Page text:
The History of England from the Invasion of Julius Caesar to the Abdication of James the Second, 1688, Volume 5

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Phillips, Sampson, 1856 - Great Britain
 

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Page 259 - Curse ye Meroz, said the angel of the Lord, curse ye bitterly the inhabitants thereof; because they came not to the help of the Lord, to the help of the Lord against the mighty.
Page 42 - The King willeth that right be done according to the laws and customs of the realm ; and that the statutes be put in due execution, that his subjects may have no cause to complain of any wrong or oppressions, contrary to their just rights and liberties, to the preservation whereof he holds himself as well obliged as of his prerogative.
Page 376 - Mark, child! what I say: They will cut off my head! and perhaps make thee a king: But mark what I say, thou must not be a king, as long as thy brothers Charles and James are alive. They will cut off thy brothers' heads, when they can catch them! And thy head too they will cut off at last! Therefore, I charge thee, do not be made a king by them!
Page 536 - ... in several counties, with instructions, have issued; by means whereof your people have been in divers places assembled, and required to lend certain sums of money unto your Majesty, and many of them, upon their refusal so to do, have had an oath administered unto them not warrantable by the laws or statutes of this realm...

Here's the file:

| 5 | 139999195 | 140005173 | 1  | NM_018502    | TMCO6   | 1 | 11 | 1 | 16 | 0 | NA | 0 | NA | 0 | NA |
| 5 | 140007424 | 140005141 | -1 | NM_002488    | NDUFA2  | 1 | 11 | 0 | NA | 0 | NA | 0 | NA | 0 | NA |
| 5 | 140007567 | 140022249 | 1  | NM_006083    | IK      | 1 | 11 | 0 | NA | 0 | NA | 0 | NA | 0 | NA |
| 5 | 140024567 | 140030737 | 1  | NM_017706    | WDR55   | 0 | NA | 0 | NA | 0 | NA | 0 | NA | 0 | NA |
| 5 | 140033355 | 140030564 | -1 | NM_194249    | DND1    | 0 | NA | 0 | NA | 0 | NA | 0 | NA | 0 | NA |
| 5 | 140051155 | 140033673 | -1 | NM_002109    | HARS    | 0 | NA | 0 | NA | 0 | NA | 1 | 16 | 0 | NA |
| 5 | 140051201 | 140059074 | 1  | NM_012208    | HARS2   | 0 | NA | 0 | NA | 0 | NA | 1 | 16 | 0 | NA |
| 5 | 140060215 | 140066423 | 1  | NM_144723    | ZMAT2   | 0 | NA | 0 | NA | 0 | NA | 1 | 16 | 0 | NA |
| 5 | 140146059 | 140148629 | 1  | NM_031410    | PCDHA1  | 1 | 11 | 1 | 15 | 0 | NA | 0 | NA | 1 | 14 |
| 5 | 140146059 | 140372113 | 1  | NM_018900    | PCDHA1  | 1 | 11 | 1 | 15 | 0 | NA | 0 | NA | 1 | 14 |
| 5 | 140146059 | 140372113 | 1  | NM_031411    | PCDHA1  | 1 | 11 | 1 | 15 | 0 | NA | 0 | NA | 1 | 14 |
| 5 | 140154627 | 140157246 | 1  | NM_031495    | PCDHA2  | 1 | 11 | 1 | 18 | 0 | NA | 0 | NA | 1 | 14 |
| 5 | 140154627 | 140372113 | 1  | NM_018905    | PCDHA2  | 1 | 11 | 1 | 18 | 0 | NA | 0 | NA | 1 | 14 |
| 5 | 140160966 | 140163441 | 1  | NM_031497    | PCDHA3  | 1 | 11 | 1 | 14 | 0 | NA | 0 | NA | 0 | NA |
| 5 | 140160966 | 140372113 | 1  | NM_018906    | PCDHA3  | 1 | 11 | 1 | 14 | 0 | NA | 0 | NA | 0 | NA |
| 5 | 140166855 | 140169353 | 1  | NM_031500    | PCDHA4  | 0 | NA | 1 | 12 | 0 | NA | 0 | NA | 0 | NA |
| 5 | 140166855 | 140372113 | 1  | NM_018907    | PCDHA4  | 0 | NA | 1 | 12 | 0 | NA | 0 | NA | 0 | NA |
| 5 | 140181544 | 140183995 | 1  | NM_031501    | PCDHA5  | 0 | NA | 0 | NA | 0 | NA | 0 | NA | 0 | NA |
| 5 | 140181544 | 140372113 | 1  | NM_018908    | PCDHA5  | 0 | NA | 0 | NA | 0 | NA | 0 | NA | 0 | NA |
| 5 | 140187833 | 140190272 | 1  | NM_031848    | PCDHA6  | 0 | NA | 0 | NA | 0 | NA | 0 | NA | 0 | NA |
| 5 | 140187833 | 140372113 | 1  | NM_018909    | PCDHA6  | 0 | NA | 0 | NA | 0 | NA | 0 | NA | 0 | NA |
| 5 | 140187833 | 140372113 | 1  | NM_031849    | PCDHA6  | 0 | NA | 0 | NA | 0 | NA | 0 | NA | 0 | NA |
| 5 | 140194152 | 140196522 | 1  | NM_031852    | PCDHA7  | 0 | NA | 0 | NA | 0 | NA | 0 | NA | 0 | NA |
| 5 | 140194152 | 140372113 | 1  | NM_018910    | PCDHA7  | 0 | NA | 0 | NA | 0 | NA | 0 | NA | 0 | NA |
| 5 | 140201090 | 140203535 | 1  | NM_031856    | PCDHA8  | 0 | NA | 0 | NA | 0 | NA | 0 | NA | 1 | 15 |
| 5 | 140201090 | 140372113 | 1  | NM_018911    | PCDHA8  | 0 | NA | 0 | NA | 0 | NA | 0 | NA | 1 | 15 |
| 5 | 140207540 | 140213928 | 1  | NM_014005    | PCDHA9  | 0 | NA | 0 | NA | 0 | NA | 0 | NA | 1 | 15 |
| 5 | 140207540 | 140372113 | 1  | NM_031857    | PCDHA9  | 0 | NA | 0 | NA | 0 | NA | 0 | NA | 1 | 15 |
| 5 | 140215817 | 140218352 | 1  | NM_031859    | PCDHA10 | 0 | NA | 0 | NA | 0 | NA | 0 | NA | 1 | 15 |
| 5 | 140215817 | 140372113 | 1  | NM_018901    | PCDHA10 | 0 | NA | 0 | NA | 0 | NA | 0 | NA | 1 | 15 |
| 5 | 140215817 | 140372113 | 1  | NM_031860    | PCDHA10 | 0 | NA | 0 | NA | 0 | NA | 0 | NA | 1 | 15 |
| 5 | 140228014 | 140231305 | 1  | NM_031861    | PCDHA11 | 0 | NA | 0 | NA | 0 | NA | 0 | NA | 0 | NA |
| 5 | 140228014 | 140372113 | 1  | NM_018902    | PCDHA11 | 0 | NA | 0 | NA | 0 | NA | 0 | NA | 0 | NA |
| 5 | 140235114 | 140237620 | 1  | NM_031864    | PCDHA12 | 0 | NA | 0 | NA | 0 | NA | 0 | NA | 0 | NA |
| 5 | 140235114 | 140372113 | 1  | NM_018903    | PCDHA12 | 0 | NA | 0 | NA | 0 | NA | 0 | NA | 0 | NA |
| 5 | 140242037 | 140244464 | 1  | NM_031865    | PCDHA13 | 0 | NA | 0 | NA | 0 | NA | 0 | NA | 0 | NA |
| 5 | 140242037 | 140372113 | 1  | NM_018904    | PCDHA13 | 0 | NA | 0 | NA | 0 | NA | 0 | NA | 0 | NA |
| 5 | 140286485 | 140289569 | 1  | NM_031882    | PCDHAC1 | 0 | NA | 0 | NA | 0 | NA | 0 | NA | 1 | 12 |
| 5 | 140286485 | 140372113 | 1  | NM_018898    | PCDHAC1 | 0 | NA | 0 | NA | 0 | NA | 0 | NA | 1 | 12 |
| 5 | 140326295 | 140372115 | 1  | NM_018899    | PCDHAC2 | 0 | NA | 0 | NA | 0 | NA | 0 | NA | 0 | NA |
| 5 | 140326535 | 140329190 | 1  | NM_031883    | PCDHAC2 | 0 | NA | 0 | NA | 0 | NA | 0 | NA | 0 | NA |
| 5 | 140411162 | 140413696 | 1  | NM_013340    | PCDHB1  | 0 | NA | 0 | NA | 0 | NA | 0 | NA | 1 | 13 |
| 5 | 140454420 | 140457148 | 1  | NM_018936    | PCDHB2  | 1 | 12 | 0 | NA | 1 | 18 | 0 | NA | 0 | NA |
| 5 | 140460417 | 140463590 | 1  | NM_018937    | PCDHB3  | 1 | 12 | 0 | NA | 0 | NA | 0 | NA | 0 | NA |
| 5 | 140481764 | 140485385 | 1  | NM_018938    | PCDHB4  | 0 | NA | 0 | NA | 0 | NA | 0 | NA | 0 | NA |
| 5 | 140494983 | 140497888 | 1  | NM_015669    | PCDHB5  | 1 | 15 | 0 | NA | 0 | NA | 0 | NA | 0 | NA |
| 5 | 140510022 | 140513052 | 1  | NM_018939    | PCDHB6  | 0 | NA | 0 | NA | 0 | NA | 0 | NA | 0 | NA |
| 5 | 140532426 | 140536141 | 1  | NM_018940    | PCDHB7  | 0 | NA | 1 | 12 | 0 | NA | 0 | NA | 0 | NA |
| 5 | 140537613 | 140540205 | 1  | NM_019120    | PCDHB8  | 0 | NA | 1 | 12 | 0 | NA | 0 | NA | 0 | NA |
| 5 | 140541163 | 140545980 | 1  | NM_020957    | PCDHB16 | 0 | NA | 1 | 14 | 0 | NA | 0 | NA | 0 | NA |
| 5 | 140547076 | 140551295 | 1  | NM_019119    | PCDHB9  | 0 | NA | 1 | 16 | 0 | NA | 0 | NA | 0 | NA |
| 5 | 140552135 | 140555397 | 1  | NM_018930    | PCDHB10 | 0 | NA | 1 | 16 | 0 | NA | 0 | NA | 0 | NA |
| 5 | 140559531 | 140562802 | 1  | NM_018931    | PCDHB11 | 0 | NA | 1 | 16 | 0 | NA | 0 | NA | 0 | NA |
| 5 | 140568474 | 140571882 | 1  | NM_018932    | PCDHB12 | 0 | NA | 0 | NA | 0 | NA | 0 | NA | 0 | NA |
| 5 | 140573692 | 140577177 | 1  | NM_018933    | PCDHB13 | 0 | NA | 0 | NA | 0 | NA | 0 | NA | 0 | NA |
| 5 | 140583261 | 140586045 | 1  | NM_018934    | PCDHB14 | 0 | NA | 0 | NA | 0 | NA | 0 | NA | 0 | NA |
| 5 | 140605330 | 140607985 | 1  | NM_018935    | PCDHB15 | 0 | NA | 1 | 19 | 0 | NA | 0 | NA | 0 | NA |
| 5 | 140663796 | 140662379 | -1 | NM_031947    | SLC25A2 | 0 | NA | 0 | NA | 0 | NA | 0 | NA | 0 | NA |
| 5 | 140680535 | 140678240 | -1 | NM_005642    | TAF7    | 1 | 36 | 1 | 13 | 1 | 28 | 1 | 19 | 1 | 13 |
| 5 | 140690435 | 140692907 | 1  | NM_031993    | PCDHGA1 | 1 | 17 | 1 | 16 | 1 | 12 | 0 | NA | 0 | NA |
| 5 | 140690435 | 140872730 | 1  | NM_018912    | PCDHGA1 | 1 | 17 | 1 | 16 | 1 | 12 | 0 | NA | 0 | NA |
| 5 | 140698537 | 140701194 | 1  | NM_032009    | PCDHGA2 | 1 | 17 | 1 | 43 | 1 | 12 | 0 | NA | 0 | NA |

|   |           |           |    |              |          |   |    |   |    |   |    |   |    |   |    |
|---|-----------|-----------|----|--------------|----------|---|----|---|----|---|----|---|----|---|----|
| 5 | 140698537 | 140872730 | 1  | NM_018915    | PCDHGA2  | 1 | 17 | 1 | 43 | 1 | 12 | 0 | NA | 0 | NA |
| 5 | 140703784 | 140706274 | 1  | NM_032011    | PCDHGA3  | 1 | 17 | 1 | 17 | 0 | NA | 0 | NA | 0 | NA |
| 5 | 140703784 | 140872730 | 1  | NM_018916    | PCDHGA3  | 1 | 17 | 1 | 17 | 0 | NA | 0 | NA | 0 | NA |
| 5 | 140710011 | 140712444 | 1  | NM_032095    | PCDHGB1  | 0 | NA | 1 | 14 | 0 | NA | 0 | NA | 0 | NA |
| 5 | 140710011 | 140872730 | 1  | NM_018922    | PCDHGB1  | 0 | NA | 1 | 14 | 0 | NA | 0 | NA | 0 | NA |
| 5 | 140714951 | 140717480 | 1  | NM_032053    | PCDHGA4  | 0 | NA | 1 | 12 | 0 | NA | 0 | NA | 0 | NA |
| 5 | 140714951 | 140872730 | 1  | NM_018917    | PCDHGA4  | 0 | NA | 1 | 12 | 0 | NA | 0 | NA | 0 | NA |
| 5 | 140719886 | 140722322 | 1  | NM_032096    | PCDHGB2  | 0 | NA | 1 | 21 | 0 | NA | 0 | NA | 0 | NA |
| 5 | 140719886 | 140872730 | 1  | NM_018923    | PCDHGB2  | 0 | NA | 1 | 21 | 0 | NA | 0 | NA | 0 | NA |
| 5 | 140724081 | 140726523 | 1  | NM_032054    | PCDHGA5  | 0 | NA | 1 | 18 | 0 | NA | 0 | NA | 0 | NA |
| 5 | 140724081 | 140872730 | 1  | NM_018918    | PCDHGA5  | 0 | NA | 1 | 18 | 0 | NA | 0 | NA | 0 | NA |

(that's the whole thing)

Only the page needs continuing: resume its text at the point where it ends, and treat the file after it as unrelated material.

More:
Page 536 - Yet nevertheless, of late divers Commissions directed to sundry Commissioners in several Counties, with Instructions, have issued; by means whereof Your People have been in divers Places assembled, and required to lend certain Sums of Money unto Your Majesty, and many of them, upon their Refusal so to do, have had an Oath administered unto them not warrantable by the Laws or Statutes of this Realm; and have been constrained to become...
Page 165 - Sir, my consent shall more acquit you herein to God than all the world can do besides. To a willing man there is no injury done, and as by God's grace I forgive all the world with a calmness and meekness of infinite contentment to my dislodging soul, so Sir, to you I can give the life of this world with all the cheerfulness imaginable, in the just acknowledgment of your exceeding favours...
Page 536 - England, it is declared and enacted, That no Freeman may be taken or imprisoned, or be disseised of his Freehold or Liberties, or his Free Customs, or be outlawed or exiled, or in any manner destroyed, but by the lawful Judgment of his Peers, or by the Law of the Land.
Page 208 - May it please your majesty, I have neither eyes to see, nor tongue to speak in this place, but as the House is pleased to direct me...
Page 206 - The articles were, that they had traitorously endeavored to subvert the fundamental laws and government of the kingdom, to deprive the king of his regal power, and to impose on his subjects an arbitrary and tyrannical authority: that they had endeavored, by many foul aspersions on his majesty and his government, to alienate the affections of his people...
Page 352 - Let the high praises of God be in their mouth, and a twoedged sword in their hand; 7 to execute vengeance upon the heathen, and punishments upon the people; ' to bind their kings with chains, and their nobles with fetters of iron; 'to execute upon them the judgment written: this honour have all his saints.

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